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TLDR: Got a PhD offer at top choice, all details checked out, and I want to accept now (much earlier than the April 15th deadline).

A colleague (at the professor level) I mentioned this to said I should wait as it could look 'too earnest' accepting roughly 10 days after notification.

Is there any truth to this claim? I.e. does it 'look bad' (i.e. desperate) if I accept now? I'm just genuinely excited and am ready to lock it in.

Additional details (from comments):

  • This offer is a 'hard' offer such that it is from the department, many cc'd people, and is in writing

  • I have other 'hard' offers from other universities and have yet to hear back from a few more

Other relevant questions:

Update:

Thank you all SO much for your input. I went ahead and accepted the offer and got feedback saying they appreciated the rapid response and the PI was eager to arrange a talk for next steps. While this is likely the standard positive response, I have marked Buffy's answer as correct. The first two sentences made the most sense: 'Actually, it is simple courtesy to accept as soon as you know you will do so. This helps the institution deal with its obligations to you and others.' I then let the other universities know immediately after and I hope this helps their search process.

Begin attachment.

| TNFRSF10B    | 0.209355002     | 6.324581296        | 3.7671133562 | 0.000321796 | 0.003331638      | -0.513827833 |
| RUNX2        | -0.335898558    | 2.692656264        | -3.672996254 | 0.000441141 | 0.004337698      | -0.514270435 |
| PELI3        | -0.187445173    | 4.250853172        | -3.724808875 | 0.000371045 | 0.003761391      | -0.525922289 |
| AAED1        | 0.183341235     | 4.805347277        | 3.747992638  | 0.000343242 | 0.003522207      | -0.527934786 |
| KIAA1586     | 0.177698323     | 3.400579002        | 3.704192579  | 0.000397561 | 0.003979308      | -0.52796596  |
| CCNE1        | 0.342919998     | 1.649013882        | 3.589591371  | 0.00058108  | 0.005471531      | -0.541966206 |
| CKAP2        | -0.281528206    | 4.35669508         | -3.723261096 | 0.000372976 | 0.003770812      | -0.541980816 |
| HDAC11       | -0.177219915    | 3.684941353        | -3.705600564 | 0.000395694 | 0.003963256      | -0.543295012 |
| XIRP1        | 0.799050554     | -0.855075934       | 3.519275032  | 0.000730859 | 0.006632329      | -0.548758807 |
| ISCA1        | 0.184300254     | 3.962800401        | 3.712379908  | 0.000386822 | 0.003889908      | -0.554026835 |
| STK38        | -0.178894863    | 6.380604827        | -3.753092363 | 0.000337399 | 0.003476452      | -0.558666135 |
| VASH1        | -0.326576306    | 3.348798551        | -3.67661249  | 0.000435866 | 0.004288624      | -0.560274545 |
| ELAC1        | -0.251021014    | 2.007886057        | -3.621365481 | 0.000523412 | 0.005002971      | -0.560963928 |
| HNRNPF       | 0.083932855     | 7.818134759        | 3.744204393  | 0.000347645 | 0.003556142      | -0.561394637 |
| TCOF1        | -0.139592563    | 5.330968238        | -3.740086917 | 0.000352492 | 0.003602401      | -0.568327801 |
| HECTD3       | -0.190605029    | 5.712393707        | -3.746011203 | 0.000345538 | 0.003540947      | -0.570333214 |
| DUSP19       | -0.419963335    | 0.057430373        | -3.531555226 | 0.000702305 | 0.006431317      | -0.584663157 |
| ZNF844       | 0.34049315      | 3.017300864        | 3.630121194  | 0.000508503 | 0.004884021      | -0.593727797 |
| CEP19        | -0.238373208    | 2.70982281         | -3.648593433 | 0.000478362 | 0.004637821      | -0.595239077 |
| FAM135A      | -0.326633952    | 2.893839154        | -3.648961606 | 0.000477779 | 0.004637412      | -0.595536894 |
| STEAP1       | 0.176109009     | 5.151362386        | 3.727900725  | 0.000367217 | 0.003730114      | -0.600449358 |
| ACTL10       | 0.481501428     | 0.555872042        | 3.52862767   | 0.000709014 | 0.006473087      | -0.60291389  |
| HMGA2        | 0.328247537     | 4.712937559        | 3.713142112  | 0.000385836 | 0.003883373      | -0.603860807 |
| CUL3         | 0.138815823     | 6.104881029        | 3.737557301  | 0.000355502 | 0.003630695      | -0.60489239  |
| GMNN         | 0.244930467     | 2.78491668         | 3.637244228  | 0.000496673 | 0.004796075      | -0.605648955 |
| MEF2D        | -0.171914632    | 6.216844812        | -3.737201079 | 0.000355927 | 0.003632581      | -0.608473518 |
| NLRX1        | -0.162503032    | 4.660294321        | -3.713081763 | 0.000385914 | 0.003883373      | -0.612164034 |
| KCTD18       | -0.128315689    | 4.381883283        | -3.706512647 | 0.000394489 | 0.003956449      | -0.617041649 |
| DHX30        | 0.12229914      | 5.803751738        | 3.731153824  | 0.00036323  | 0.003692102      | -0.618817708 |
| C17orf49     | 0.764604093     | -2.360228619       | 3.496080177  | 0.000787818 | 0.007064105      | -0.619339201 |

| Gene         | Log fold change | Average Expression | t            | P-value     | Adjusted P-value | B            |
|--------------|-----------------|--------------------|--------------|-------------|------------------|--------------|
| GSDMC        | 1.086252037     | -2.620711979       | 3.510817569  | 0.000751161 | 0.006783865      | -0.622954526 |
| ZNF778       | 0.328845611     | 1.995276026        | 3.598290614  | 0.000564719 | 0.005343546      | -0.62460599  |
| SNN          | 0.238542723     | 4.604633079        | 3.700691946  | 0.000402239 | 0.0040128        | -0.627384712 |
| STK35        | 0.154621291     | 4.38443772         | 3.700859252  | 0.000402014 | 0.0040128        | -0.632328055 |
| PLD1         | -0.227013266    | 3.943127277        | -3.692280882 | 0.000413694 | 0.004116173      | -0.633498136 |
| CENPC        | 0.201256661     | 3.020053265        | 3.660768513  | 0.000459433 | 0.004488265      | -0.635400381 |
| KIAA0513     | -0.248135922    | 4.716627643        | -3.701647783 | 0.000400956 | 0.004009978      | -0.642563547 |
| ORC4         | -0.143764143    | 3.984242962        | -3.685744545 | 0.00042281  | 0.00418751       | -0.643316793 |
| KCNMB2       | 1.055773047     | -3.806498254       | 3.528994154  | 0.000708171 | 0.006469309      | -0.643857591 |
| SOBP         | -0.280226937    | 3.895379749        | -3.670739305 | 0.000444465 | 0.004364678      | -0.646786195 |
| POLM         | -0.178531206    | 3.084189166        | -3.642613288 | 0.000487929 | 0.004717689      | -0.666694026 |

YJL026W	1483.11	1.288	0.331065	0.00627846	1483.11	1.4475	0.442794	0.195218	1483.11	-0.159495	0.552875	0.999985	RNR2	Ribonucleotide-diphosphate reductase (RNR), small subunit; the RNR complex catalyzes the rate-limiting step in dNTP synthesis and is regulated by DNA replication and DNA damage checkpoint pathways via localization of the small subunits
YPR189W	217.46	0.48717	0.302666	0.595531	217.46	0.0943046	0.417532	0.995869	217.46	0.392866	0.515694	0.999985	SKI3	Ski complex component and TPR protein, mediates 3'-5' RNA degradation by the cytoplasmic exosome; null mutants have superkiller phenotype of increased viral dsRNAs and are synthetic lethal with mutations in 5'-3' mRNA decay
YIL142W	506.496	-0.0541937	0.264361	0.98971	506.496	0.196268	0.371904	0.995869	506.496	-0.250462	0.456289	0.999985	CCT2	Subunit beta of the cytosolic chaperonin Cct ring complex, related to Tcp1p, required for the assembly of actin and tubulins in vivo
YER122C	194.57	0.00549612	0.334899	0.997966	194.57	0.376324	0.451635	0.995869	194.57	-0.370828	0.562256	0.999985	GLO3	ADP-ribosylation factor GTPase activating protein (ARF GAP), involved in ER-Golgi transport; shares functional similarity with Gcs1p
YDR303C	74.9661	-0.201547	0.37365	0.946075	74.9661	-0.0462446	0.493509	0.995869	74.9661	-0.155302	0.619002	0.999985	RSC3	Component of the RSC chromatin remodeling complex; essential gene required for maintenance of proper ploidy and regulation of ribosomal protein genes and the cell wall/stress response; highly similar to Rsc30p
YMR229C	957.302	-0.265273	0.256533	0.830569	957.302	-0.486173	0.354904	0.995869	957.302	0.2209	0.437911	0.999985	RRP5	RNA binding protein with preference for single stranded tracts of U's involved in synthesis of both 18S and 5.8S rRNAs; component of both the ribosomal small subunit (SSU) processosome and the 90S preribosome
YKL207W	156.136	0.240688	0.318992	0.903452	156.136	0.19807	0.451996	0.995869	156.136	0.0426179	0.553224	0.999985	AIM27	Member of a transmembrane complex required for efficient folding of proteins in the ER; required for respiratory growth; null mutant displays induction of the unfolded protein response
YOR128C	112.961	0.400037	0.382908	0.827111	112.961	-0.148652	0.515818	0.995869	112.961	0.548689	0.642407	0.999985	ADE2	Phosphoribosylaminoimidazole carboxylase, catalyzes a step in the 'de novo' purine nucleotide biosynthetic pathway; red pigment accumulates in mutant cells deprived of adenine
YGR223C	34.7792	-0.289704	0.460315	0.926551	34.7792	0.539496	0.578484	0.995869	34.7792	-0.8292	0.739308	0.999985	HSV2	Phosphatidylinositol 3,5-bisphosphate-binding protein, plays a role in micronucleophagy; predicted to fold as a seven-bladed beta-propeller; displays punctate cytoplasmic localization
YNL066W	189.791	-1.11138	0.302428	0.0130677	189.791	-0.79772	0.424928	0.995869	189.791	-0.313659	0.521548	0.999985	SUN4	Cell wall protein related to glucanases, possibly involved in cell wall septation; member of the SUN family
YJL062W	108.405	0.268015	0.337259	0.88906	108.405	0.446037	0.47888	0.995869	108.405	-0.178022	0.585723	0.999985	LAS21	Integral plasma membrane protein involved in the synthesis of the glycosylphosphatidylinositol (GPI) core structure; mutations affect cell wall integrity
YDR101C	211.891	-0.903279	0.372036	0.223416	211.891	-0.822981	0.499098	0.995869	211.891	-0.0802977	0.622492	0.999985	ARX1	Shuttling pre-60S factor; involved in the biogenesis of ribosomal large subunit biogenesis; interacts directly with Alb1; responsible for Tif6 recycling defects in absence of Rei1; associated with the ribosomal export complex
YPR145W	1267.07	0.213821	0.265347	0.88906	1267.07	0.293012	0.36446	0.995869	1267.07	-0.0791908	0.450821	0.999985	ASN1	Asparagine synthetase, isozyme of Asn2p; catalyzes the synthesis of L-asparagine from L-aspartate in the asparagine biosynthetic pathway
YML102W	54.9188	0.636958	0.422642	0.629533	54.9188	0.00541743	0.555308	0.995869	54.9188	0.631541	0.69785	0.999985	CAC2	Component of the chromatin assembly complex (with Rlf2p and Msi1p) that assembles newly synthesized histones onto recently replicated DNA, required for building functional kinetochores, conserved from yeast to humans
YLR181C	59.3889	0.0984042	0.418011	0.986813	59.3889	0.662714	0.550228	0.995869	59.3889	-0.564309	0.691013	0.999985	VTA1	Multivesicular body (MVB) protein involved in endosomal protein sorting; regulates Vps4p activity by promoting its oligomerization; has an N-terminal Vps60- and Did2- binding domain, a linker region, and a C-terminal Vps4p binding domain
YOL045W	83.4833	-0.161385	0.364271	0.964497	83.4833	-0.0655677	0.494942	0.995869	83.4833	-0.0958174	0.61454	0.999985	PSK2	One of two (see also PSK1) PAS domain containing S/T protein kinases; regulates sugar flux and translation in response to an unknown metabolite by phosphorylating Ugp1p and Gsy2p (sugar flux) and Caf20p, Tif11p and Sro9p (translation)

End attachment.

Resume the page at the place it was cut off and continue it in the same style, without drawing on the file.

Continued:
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    I don't understand how 'looking too earnest' would be a bad thing. Can you elaborate on that (although I agree that you shouldn't accept until you are ready to do so) – Strawberry Feb 12 at 14:44
  • Hi Strawberry, I think as others have pointed out, the idea behind 'waiting' would be to see if they will increase the stipend or I can 'pit' different universities against each other to increase stipend (this is NOT what I want to do - just echoing sentiments below). – Reputable Misnomer Feb 12 at 14:56
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    There is such a thing as accepting "too early": if you accept the offer before it's made. – Mark Feb 12 at 23:13
  • There may be benefits to accepting an offer "too early." This includes non-work opportunities such as socials earlier-in that will help you build rapport before start date, and also helping them to supply you more quickly with necessary equipment, etc. before you begin. I realize this is not a complete answer. – Mikey Feb 14 at 19:35
  • No. It can be an offer you can't refuse. :) – Jay Feb 15 at 9:59
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Actually, it is simple courtesy to accept as soon as you know you will do so. This helps the institution deal with its obligations to you and others. It isn't a game you play for "advantage". You hope to develop a long term relationship with this institution. Treat them with respect and expect them to reciprocate.

Don't accept before you are ready, such as when other offers might come in, but don't delay for any perceived "strategic" reason.

Similarly, once you have accepted the offer, extend the other universities the courtesy of letting them know you will not be accepting theirs.